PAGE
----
Curating a museum’s menu
What better way to top off a day at the museum than with a bite at the museum? John Blackstone is our guide:
At San Francisco’s recently-expanded Museum of Modern Art, record crowds have been feasting their eyes on the works of contemporary masters like Ellsworth Kelly, Frank Stella and Andy Warhol … and then feasting themselves on the works of master chefs like Wylie Dufresne and Dominique Ansel.
“I think this is an idea that seems so obvious once you think about it,” said chef Corey Lee.
He reimagined the museum restaurant as another museum gallery. “There are a lot of people who kind of stumble in here and they sit down, they’re like, ‘What is this?’”
The restaurant, called In Situ, offers diners signature dishes of some of the world’s most celebrated chefs.
“They open this menu that looks like a museum program,” Lee said. “And they start seeing dishes from around the world, with dates on them. I think it’s disorienting for them.”
“Something they don’t expect, but it surprises them?” Blackstone asked.
“And continues the experience of discovery that they were having at a museum -- but with food.”
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Lee is a celebrated chef himself. His three Michelin-star restaurant, Benu, is just blocks away. But the 37-year-old doesn’t serve any of his own creations at In Situ.
SFMoMA’s director Neal Benezra chose Lee to design a museum-worthy restaurant. “I’ve come to think of Corey as our curator of food,” he said.
“He had a wonderful amount of curiosity about what we do, how our curators work, how these pictures come to be on our walls. So I explained to him that, if we wanted to do an exhibition of Claes Oldenburg, our curator would try to identify the best works of art by that artist and try to bring them to our museum.”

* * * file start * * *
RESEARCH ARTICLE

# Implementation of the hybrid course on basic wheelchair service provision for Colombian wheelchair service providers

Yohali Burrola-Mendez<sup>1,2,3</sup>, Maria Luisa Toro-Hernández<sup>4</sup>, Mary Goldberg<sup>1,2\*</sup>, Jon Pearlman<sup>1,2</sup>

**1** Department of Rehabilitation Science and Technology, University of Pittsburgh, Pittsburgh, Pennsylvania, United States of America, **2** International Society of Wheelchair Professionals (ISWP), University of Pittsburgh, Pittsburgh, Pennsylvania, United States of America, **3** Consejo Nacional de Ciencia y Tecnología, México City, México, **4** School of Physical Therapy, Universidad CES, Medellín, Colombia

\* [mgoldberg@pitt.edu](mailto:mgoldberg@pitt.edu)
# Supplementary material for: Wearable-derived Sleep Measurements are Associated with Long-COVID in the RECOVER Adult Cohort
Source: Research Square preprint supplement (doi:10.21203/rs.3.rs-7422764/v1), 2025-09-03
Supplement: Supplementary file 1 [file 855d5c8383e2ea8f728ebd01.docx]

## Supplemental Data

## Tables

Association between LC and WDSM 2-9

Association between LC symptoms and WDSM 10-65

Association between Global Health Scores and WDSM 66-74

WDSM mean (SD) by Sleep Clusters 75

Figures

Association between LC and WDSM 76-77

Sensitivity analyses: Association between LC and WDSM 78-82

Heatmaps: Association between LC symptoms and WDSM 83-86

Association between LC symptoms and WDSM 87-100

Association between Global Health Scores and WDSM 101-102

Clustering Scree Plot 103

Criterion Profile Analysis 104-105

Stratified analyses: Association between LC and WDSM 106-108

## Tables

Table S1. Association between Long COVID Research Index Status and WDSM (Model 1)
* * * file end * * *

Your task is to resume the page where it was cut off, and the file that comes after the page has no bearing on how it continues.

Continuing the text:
Lee said he wanted to do the same thing with food. “A diner can come in here and try a dish from this chef in Belgium and this pastry chef in Japan, the chef in Hong Kong,” Lee said. “They can have this very fun and new experience with food.”
Chefs from all over the U.S., Europe and Asia have visited In Situ, teaching the kitchen staff to reproduce their dishes perfectly.
When In Situ’s executive chef Brandon Rodgers prepares fresh steamed crab claw, it looks and tastes just as it did when first served at Hong Kong’s Fook Lam Moon back in 1970.
“We got the exact bowl that they use at Fook Lam Moon,” Rodgers said. “Prepare it in the same proportions that they serve it. We try to imitate that exactly.”
He does the same with chef Thomas Keller’s pan roasted duck breast, from the world-renowned French Laundry in California’s wine country.
“It sits on a bed of French green lentils with a red wine vinegar sauce,” Rodgers said. “The dish was from 1995, within the first year of them opening.”
Some of the classic dishes served here are no longer on the menus where they originally appeared -- and sometimes the chefs who created them are among the diners here. Alice Waters stopped in to try the Meyer lemon ice cream and sherbet dessert that she first made at her famed Berkeley restaurant Chez Panisse more than 25 years ago.
“It’s a ton of pressure,” Lee laughed. “You know, when someone’s coming to try the dish that they’ve entrusted you with, it’s kind of a new feeling. But that’s part of the fun of doing something new!”
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